4-H Club members embrace rural life amid urban sprawl - East Valley Tribune: Get Out

4-H Club members embrace rural life amid urban sprawl

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Posted: Thursday, October 28, 2004 10:59 am | Updated: 6:04 pm, Thu Oct 6, 2011.

October 28, 2004

Raising farm animals is a vanishing trade in the ever-urban East Valley, but some families are staying connected to the region’s rural past through the 4-H Club.

"We’re wanna-bes," said Audra Delareto of Chandler, who drives nearly every day to a farm in the south East Valley where her teenage daughter keeps sheep and cattle. Her son was also involved in the club, she said.

"It teaches them a tremendous amount of respect for work," she said. "It keeps them busy."

Almost 2,000 Valley children and 275 adult volunteers take part in programs affiliated with the governmentsponsored club, said Larry Tibbs of the Maricopa County Extension Office.

The 4-H Club began in the late 19th Century and got its name in 1918 to represent values associated with the "head, heart, hands and health" of each young member. "Clover Kids" from 5 to 8 years old can join for noncompetitive activities such as feeding birds or learning about seeds.

For those ages 9 to 18, "more urban" 4-H programs teach leadership skills, baby-sitting and good nutrition, Tibbs said. Most participants, however, do traditional activities related to purchasing, raising, showing and eventually selling livestock.

Cows, chickens and other farm animals are no longer welcome in the Delaretos’ neighborhood near the Chandler Fashion Mall, which is zoned for household pets only. So 15-year-old Jennelle Delareto, a sophomore at Tempe’s Corona Del Sol High School, houses her lambs and steers at the R Country Farm near Chandler Heights and Cooper roads.

When Delareto first joined the club at age 11, cleaning stalls and caring for the animals seemed like hard work. But "I got used to it," she said. "I want to have a farm of my own."

She most enjoys hanging out with other people in the club, she said. And she’s learning a lot: Finances and record-keeping are an important part of the project, and participants learn how to plan a budget and earn a profit. Some members make hundreds of dollars.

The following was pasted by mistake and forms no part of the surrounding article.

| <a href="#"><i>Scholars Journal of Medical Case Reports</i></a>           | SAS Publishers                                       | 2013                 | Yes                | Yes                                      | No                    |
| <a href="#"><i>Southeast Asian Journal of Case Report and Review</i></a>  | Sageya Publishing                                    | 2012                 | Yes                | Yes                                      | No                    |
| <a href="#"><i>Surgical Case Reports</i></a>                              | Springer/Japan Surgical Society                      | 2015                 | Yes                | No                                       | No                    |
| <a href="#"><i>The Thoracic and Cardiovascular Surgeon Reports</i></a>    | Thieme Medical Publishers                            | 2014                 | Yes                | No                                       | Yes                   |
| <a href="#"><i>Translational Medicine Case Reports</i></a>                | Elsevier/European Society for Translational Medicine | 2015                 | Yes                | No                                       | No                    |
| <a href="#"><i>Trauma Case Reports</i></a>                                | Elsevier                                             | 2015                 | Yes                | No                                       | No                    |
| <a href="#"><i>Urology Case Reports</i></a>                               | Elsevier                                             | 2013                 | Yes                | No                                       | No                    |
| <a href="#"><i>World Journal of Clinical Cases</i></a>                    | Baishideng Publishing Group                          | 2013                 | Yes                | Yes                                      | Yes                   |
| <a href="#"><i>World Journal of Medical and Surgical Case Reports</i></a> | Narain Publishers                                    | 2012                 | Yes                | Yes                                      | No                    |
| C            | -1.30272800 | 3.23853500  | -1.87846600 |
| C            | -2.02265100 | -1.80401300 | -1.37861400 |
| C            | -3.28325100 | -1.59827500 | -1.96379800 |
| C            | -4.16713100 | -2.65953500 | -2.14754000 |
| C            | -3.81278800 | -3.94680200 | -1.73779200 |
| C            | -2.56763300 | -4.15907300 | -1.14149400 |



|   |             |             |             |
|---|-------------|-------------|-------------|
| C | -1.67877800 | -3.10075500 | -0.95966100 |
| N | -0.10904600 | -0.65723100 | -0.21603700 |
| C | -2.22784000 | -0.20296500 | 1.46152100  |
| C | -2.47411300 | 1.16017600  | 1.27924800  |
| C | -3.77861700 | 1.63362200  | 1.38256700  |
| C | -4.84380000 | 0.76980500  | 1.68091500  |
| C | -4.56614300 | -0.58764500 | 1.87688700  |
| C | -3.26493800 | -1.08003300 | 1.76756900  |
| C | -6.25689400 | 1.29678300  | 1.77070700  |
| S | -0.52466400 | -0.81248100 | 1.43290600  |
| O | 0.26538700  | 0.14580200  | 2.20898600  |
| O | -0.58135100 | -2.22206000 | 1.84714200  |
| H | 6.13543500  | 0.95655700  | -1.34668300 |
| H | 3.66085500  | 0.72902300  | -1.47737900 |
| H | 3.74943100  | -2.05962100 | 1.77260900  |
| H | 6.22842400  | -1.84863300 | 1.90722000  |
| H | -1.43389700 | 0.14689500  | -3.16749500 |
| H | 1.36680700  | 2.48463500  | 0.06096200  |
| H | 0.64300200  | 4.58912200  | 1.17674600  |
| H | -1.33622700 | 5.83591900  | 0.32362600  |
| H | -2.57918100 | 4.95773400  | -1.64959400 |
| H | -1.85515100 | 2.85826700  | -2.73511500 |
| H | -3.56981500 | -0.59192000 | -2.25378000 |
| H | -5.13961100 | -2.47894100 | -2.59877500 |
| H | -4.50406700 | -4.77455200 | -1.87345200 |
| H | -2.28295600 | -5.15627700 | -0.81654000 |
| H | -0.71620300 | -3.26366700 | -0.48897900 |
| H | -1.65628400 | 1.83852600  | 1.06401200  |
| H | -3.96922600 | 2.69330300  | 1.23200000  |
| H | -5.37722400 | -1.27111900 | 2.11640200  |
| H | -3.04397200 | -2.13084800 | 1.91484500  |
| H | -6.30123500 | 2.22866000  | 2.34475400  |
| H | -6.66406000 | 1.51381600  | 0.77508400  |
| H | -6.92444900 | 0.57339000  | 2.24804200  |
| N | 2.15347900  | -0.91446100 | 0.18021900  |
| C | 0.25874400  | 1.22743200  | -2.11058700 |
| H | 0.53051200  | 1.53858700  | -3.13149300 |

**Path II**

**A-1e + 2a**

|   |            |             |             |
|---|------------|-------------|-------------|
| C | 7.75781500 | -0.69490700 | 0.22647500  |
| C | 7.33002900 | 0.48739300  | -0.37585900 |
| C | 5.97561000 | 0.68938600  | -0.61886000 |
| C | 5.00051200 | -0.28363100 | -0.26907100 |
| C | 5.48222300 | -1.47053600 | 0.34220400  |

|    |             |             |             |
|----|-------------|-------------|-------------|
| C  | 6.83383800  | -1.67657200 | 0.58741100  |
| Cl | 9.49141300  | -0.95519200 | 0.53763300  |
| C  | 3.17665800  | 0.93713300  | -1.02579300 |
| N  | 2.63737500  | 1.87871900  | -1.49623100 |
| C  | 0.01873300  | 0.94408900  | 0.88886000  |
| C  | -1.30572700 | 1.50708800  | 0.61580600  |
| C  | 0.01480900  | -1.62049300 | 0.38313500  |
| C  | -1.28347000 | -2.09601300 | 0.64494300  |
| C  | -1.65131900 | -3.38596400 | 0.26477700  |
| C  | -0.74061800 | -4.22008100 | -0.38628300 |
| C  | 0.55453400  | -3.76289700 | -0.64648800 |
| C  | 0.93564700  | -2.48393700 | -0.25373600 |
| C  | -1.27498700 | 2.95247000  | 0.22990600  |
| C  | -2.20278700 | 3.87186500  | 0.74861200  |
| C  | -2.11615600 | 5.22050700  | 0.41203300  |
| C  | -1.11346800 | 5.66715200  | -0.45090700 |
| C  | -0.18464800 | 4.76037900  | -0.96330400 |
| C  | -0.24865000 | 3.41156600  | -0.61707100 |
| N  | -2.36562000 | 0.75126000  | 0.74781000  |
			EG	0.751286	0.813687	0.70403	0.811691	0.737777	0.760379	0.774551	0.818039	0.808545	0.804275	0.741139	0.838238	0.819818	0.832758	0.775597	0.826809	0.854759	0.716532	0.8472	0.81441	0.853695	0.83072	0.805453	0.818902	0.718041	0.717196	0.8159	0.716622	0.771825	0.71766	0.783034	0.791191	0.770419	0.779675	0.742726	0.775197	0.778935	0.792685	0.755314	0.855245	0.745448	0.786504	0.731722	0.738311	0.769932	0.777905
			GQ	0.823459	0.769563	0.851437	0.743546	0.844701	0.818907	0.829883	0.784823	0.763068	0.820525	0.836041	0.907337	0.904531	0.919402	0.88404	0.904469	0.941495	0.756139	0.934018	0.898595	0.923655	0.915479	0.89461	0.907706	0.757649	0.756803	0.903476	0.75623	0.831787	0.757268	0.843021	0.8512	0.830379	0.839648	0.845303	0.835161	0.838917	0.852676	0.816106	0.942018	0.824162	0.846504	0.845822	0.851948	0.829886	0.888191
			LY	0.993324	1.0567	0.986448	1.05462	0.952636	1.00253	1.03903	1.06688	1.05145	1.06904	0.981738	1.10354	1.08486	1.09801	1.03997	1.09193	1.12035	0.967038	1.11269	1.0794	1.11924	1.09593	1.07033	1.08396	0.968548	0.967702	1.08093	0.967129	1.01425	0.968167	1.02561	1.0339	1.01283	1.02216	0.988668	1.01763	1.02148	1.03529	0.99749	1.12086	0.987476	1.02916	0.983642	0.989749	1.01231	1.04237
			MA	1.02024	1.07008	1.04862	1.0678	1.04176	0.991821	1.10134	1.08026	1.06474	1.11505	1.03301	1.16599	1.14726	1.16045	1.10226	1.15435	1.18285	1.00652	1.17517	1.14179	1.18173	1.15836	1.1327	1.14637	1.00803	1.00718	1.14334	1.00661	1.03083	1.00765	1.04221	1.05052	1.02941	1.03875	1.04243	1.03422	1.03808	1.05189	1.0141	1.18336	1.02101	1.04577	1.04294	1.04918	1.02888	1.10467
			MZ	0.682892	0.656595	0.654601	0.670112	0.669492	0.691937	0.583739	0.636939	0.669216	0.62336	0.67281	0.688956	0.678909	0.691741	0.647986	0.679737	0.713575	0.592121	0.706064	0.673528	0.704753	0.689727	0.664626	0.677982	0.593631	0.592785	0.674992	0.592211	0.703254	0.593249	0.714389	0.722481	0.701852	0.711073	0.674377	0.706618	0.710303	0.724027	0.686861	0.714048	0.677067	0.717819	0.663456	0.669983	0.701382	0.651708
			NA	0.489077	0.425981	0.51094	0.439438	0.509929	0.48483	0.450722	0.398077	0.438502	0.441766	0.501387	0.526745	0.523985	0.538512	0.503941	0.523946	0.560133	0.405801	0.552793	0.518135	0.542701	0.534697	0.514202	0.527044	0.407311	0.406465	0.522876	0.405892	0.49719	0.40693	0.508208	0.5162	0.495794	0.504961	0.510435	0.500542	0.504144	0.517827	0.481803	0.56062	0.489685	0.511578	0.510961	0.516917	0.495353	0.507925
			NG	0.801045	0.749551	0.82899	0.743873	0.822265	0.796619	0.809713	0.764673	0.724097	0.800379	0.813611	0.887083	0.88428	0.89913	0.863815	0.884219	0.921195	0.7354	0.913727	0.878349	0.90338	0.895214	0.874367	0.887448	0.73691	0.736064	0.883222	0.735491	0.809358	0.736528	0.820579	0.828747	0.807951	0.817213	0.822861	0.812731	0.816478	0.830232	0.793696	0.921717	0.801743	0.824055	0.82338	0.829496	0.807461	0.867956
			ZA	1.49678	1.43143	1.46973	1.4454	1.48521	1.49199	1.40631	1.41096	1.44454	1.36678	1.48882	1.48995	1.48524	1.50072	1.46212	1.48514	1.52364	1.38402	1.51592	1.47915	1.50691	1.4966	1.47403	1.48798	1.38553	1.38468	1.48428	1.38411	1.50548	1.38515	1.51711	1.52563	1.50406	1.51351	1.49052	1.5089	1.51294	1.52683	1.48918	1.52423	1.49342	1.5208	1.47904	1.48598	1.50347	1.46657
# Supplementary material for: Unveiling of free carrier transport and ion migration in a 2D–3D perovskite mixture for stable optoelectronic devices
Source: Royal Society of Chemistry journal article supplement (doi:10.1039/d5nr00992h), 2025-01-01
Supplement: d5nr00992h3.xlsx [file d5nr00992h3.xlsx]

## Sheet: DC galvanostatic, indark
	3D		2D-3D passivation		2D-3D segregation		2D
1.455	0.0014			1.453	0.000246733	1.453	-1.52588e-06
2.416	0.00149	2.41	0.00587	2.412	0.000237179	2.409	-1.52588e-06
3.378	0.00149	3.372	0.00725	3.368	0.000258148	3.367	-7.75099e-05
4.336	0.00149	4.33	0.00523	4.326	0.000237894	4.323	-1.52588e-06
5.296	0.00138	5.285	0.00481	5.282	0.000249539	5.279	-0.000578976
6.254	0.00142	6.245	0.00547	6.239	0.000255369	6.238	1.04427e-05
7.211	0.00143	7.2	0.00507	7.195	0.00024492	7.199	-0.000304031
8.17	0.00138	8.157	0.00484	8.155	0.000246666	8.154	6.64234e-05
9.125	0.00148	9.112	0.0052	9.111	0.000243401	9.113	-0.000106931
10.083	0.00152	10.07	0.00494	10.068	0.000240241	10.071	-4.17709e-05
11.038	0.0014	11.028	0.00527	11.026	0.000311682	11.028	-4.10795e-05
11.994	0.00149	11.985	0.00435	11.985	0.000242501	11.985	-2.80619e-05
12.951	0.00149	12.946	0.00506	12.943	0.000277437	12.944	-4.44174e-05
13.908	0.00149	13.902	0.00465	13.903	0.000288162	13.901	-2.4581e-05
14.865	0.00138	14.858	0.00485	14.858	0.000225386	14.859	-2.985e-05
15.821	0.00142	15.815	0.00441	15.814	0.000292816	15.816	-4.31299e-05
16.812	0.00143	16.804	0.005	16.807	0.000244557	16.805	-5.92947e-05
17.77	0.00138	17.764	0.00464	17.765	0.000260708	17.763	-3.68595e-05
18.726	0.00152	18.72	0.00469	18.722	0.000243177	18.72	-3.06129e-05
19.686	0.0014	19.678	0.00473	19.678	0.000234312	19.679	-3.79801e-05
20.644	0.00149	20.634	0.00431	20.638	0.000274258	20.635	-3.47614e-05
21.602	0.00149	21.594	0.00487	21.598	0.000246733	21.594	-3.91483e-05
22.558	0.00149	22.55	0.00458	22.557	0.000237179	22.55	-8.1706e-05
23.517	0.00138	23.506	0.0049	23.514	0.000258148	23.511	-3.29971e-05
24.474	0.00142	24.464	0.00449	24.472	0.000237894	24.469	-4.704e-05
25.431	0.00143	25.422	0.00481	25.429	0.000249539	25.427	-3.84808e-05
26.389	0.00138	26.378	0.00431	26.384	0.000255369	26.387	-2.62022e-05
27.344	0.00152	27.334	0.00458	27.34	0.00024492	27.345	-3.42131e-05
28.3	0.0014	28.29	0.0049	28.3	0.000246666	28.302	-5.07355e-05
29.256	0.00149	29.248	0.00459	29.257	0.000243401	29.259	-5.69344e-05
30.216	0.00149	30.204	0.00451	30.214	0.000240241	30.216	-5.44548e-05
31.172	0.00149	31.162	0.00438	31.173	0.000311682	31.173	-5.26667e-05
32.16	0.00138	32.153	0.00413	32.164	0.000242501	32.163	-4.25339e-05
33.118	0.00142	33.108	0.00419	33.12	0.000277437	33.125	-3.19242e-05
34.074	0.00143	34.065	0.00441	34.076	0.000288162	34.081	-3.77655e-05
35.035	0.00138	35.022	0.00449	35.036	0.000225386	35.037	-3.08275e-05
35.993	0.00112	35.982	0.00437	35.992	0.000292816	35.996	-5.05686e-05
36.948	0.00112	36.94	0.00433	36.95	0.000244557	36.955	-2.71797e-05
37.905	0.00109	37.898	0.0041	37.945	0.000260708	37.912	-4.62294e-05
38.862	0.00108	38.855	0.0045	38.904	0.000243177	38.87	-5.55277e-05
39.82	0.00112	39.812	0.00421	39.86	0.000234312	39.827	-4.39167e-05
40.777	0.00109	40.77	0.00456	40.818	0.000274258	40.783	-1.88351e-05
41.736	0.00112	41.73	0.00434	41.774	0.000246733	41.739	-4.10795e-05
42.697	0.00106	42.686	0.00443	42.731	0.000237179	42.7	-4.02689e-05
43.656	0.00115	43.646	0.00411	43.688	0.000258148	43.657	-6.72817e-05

The toughest part has been staying emotionally detached from the animals, which are typically sold to a slaughterhouse when a market project is finished. Kids can earn hundreds of dollars from the projects.

"At first I try not to name them, then I name them and get attached to them," she said. "It’s still hard, I guess. It’s a circle of life."

Natalie Whitlock and her family moved from Mesa to a more rural part of the south East Valley five years ago to take advantage of a "pseudo-rural environment for the kids." The building boom caught up to them quickly.

"This is definitely an area in transition," she said. "We didn’t expect it to change so quickly."

However, their 1-acre homesite near Ocotillo and Val Vista roads is on a county island not subject to city zoning rules. The family now has five turkeys, "a really huge sow, three goats and a bunch of chickens," she said.

Her children, Daniel, 14, Thomas, 12, Madelyn, 10, and Abigail, 7, all chip in for the many chores involved in keeping their livestock and garden. At the Arizona State Fair, which ended Sunday, the kids won three first-place ribbons for their turkeys, including the grand championship for turkeys.

"There are not enough legitimate tasks to keep you busy in a typical home environment," Whitlock said. "We moved to more land so they had more activities."

Find out more

To find out about local 4-H programs, call Larry Tibbs at (602) 470-8086, Ext. 346.

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